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Note on usage of ours variables and a question

by likbez (Sexton)
on Nov 19, 2019 at 22:27 UTC ( #11108913=perlquestion: print w/replies, xml ) Need Help??

likbez has asked for the wisdom of the Perl Monks concerning the following question:

I would like to avoid qualification with package name a variable that I use in many modules in many situations. For example, variable debug.

Looks like I can't use our declaration for this purpose (see below) Does any other mechanism exist?

Also question about 'export" behavior". If I export variable debug from module A does it became "normal variable" in main:: so that I can use it in module B? what will happen if I export it from module b as well ? It should bind it to the same variable, right?

Can anybody enlighten me about this behavior? BTW does Perl have a system variable "debug" that is global and does not need qualification with the package name?

For example, if I created module example.pm it compiles OK, but produces a run time error because Perl assumes that our debug is $example::debug not $main::debug

May be our behavior can be generalized to handle this case as well? Why we can't alias variables in other namespaces? Is not this an artificial restriction?

package example; use v5.10; use warnings; use strict 'subs'; use feature 'state'; require Exporter; our ($VERSION, @ISA, @EXPORT, @EXPORT_OK, %EXPORT_TAGS); @ISA = qw(Exporter); $::debug=1; { our $debug; say "debug=$debug"; } $VERSION = '1.10'; 1; and the test script: <code> #!/usr/bin/perl #:: test of ours use v5.10; use warnings; use strict 'subs'; use feature 'state'; use lib '.'; use example; say "debug=$debug";
It complains that it is undefined:
[255] # perl test_our_behaviour.pl <code> [0] # perl test_our_behaviour.pl Use of uninitialized value $example::debug in concatenation (.) or str +ing at example.pm line 14. IN EXAMPLE: debug= debug=1

Replies are listed 'Best First'.
Re: Note on usage of ours variables and a question
by hippo (Bishop) on Nov 19, 2019 at 22:56 UTC

    Here is a replacement for your module and script showing one way of achieving this.

    use strict; use warnings; package Example; use parent 'Exporter'; our ($VERSION, @EXPORT, $debug); $VERSION = '1.0'; @EXPORT = qw($debug); $debug = 1; 1;
    #!/usr/bin/env perl use strict; use warnings; use lib '.'; use Example; print "debug = $debug\n";

    I've removed a lot of your boilerplate for clarity. I've also adhered to convention and capitalised the module name. Note that filling @EXPORT is generally frowned upon. Much better to use @EXPORT_OK and allow the script to decide which symbols to import.

    BTW does Perl have a system variable "debug" that is global and does not need qualification with the package name?

    No, but it does have the warnings pragma and $^W which you might consider similar. I'd stick with your own flags unless you have a good reason to do otherwise, though.

      > Note that filling @EXPORT is generally frowned upon. Much better to use @EXPORT_OK and allow the script to decide which symbols to import.

      I agree, but the road to hell is paved with good intentions. It depends whether modules in question are written as reusable or not. My are not. Intentionally. One advantage of using export is that there can't be mismatch between your intentions and actually exported variables. Which you will discover several months down the road. Been there, done that.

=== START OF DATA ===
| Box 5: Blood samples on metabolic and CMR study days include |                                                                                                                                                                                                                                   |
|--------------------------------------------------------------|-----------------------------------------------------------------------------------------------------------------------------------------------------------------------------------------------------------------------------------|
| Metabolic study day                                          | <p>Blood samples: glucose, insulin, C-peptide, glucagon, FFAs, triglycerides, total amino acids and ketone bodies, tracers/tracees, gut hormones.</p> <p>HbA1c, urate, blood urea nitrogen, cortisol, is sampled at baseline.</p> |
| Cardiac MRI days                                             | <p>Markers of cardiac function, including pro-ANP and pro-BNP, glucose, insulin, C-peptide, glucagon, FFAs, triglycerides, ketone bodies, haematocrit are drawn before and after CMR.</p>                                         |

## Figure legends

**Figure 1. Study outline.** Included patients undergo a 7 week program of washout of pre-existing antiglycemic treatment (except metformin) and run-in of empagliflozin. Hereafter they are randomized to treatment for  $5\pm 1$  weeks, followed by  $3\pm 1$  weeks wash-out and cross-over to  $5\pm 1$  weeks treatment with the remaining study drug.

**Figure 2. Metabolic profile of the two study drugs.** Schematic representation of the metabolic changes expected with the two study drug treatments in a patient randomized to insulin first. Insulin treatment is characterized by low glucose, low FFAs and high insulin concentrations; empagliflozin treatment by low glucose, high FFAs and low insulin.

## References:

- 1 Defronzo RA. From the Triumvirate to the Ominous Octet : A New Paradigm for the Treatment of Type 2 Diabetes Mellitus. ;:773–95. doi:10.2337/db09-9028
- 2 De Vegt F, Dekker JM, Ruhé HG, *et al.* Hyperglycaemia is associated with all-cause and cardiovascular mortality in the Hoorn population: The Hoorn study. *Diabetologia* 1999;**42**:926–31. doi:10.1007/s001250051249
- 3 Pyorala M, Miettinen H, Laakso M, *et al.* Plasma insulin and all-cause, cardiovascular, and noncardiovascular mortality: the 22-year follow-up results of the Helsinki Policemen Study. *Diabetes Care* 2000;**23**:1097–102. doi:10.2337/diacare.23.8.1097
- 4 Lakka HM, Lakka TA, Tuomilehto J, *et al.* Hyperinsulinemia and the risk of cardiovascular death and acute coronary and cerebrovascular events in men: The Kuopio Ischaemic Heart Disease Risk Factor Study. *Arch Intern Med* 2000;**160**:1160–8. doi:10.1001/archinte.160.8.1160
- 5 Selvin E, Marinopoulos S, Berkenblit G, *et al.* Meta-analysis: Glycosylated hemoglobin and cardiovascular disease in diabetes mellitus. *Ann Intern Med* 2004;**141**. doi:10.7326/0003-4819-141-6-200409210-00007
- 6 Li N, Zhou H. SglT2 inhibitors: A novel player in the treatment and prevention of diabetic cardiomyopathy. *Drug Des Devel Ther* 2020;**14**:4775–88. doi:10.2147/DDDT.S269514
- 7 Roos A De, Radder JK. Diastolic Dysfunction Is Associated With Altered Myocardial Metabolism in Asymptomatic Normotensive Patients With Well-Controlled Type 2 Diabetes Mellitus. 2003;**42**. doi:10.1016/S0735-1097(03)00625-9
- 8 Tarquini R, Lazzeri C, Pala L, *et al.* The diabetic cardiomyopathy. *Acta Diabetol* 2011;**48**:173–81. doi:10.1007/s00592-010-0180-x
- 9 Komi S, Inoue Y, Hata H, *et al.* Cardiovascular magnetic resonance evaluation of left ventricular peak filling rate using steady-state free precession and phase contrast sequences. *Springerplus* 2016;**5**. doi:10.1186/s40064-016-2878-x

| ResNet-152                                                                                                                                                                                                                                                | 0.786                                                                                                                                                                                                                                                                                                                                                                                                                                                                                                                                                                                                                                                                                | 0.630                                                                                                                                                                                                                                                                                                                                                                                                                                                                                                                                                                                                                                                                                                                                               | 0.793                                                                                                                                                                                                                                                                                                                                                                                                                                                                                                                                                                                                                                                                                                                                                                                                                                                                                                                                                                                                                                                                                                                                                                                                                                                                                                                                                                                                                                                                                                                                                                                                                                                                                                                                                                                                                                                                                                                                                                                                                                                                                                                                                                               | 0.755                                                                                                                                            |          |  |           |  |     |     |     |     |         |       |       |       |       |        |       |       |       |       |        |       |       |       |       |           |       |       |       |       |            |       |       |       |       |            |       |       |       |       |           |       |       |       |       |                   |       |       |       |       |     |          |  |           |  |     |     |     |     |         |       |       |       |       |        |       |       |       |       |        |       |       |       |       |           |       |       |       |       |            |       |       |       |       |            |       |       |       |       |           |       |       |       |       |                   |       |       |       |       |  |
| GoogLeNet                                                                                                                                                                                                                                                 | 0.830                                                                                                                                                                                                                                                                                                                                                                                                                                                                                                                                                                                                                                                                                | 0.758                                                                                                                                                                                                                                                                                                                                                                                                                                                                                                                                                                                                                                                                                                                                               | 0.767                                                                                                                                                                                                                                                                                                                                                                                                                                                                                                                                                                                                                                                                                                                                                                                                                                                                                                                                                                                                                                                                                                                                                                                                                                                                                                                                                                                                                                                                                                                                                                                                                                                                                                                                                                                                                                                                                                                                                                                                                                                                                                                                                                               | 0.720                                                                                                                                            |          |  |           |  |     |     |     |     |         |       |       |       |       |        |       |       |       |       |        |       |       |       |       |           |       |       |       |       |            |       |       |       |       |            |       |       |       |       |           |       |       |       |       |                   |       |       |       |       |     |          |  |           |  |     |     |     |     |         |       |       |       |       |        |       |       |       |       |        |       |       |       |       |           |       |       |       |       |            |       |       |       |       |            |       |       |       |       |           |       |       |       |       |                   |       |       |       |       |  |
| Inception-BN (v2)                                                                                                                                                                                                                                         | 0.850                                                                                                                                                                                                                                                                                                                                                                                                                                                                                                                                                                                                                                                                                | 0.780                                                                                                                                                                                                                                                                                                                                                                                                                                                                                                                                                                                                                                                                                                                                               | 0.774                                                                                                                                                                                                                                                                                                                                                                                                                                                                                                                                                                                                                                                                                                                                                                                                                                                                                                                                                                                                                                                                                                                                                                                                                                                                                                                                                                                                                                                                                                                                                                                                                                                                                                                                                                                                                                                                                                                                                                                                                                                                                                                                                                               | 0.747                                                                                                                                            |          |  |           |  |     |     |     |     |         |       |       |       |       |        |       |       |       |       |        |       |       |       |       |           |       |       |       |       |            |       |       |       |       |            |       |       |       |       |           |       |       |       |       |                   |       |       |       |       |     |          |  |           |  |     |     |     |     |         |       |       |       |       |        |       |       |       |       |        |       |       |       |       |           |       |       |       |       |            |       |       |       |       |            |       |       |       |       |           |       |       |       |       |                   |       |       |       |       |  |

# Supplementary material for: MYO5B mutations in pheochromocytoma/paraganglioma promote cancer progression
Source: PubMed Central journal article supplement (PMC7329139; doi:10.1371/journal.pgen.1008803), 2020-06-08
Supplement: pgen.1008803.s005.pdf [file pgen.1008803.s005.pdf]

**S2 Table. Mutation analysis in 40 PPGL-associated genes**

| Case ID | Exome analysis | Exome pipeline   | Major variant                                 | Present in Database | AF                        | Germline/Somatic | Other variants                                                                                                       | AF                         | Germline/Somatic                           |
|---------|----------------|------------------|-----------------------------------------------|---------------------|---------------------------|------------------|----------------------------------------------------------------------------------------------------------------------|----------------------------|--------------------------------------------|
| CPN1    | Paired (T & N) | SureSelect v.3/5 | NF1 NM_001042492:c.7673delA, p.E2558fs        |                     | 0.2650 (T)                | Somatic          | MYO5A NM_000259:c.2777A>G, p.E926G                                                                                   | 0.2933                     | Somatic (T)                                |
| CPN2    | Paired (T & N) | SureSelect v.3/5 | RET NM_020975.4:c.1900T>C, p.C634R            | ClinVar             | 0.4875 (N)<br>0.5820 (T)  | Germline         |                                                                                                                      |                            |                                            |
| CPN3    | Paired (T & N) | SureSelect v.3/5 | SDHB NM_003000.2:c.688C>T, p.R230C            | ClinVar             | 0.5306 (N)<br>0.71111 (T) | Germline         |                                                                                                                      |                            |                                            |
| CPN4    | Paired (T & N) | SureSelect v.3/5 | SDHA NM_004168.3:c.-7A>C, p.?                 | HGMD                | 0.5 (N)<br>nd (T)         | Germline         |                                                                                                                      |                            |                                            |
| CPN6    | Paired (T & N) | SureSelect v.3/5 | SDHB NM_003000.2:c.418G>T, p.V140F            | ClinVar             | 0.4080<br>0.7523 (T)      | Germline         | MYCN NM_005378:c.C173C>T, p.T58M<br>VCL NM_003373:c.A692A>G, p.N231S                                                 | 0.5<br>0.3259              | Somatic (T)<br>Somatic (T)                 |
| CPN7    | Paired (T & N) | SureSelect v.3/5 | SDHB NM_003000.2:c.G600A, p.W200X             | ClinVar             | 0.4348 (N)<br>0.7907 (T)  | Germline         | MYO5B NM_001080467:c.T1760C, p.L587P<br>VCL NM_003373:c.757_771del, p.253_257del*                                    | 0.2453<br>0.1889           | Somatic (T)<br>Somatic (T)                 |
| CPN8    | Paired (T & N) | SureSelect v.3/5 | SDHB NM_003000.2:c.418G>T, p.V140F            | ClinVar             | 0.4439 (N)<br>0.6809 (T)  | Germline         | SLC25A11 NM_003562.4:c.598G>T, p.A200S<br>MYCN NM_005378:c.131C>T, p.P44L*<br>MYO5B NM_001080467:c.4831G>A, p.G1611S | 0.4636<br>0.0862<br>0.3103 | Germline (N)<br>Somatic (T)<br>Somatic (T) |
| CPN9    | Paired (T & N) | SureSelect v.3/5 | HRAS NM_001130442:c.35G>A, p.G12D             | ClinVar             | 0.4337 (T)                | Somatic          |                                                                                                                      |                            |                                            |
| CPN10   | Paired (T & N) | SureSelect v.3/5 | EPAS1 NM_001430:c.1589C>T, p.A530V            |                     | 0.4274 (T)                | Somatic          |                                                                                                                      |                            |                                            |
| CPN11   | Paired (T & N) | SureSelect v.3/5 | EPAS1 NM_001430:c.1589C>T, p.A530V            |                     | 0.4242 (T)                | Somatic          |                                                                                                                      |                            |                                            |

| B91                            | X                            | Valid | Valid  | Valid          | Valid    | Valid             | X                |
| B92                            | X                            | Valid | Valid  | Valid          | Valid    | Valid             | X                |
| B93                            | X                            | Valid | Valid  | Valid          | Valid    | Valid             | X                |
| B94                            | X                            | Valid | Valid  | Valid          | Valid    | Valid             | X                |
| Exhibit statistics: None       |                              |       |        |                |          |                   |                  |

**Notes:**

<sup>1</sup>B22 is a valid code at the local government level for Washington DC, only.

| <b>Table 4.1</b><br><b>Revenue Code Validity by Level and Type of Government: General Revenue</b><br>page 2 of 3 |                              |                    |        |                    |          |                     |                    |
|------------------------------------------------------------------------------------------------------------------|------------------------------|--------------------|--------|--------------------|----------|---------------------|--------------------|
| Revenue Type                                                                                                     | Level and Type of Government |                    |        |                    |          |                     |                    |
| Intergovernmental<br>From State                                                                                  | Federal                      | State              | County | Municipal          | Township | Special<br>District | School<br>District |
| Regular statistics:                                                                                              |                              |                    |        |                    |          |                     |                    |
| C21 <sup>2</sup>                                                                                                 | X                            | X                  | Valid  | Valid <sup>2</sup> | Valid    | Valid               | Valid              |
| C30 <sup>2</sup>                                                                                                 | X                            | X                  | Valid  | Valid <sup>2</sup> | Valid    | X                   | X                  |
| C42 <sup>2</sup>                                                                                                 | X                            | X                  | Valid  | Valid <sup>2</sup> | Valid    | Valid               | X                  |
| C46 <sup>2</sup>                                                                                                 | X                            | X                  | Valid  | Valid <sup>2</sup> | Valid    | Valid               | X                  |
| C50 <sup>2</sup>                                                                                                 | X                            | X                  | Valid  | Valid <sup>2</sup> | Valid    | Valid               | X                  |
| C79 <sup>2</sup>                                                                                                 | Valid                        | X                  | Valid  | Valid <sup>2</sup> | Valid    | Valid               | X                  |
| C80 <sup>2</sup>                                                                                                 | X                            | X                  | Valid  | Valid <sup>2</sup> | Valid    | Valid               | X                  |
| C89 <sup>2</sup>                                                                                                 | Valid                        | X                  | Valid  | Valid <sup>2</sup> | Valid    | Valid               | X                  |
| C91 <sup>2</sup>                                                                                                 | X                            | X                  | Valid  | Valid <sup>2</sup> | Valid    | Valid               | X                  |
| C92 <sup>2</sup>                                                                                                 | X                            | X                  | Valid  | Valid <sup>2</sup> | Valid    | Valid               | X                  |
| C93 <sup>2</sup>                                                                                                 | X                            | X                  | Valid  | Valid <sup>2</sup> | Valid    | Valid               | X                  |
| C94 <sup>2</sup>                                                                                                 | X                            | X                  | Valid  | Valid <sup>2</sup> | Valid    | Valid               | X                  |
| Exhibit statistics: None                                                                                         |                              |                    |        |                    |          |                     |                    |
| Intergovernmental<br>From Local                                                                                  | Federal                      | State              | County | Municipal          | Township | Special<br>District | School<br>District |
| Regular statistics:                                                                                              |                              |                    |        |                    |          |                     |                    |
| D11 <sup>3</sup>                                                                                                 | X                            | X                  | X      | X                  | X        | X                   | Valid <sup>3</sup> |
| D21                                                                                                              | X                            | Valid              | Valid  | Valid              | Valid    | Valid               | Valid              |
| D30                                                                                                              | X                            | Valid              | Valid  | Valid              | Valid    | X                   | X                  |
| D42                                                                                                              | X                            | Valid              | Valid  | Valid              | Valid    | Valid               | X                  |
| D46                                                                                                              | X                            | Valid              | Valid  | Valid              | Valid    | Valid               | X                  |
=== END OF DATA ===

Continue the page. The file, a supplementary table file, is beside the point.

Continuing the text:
Also for some idiosyncratic reasons I consider this quest for reusability as often misguided obsession, which cost you a lot of man hours with zero return.

      Even slight adaptation of module to the task in hand cuts the code lines in half in comparison with using a "universal/reusable" version. Number of errors in your code is generally proportional to the number of codeines. And life is short. It is something similar with polishing your OO classes instead of doing productive work. Or converting your perfectly valid procedural version into the OO version, because everybody are using OO.

Re: Note on usage of ours variables and a question
by haukex (Bishop) on Nov 19, 2019 at 23:01 UTC

    I think the best approach depends on the specific application, which you haven't described very much. Of course TIMTOWTDI, but I would suggest that instead of the modules exporting a debug variable or something similar, the main script should instead set the debug flag on the module. So for example, if I write OO classes, I might give the constructor a debug argument that is set based on a $DEBUG package variable in the main script. If it's a simple module, it might have its own our $DEBUG variable in its package, and then the main code could do $Module::Name::DEBUG = $DEBUG. This will allow you to use the $DEBUG variable name everywhere, and still keep the possibility of somewhat more fine-grained control, instead of one global debug flag that enables debug messages everywhere. So like this is how I typically do it:

    use warnings; use strict; use Getopt::Long; GetOptions( 'd|debug' => \(our $DEBUG) ) or die "Bad options\n"; $Foo::DEBUG = $DEBUG; print "Debugging main\n" if $DEBUG; Foo::foo(); my $bar = Bar->new( debug => $DEBUG ); $bar->quz(); { package Foo; our $DEBUG; sub foo { print "Debugging Foo\n" if $DEBUG; } } { package Bar; sub new { my ($class,%args) = @_; my $self = { %args }; return bless $self, $class; } sub quz { my $self = shift; print "Debugging $self->quz()\n" if $self->{debug}; } }
    Also question about 'export" behavior". If I export variable debug from module A does it became "normal variable" in main:: so that I can use it in module B? what will happen if I export it from module b as well ? It should bind it to the same variable, right?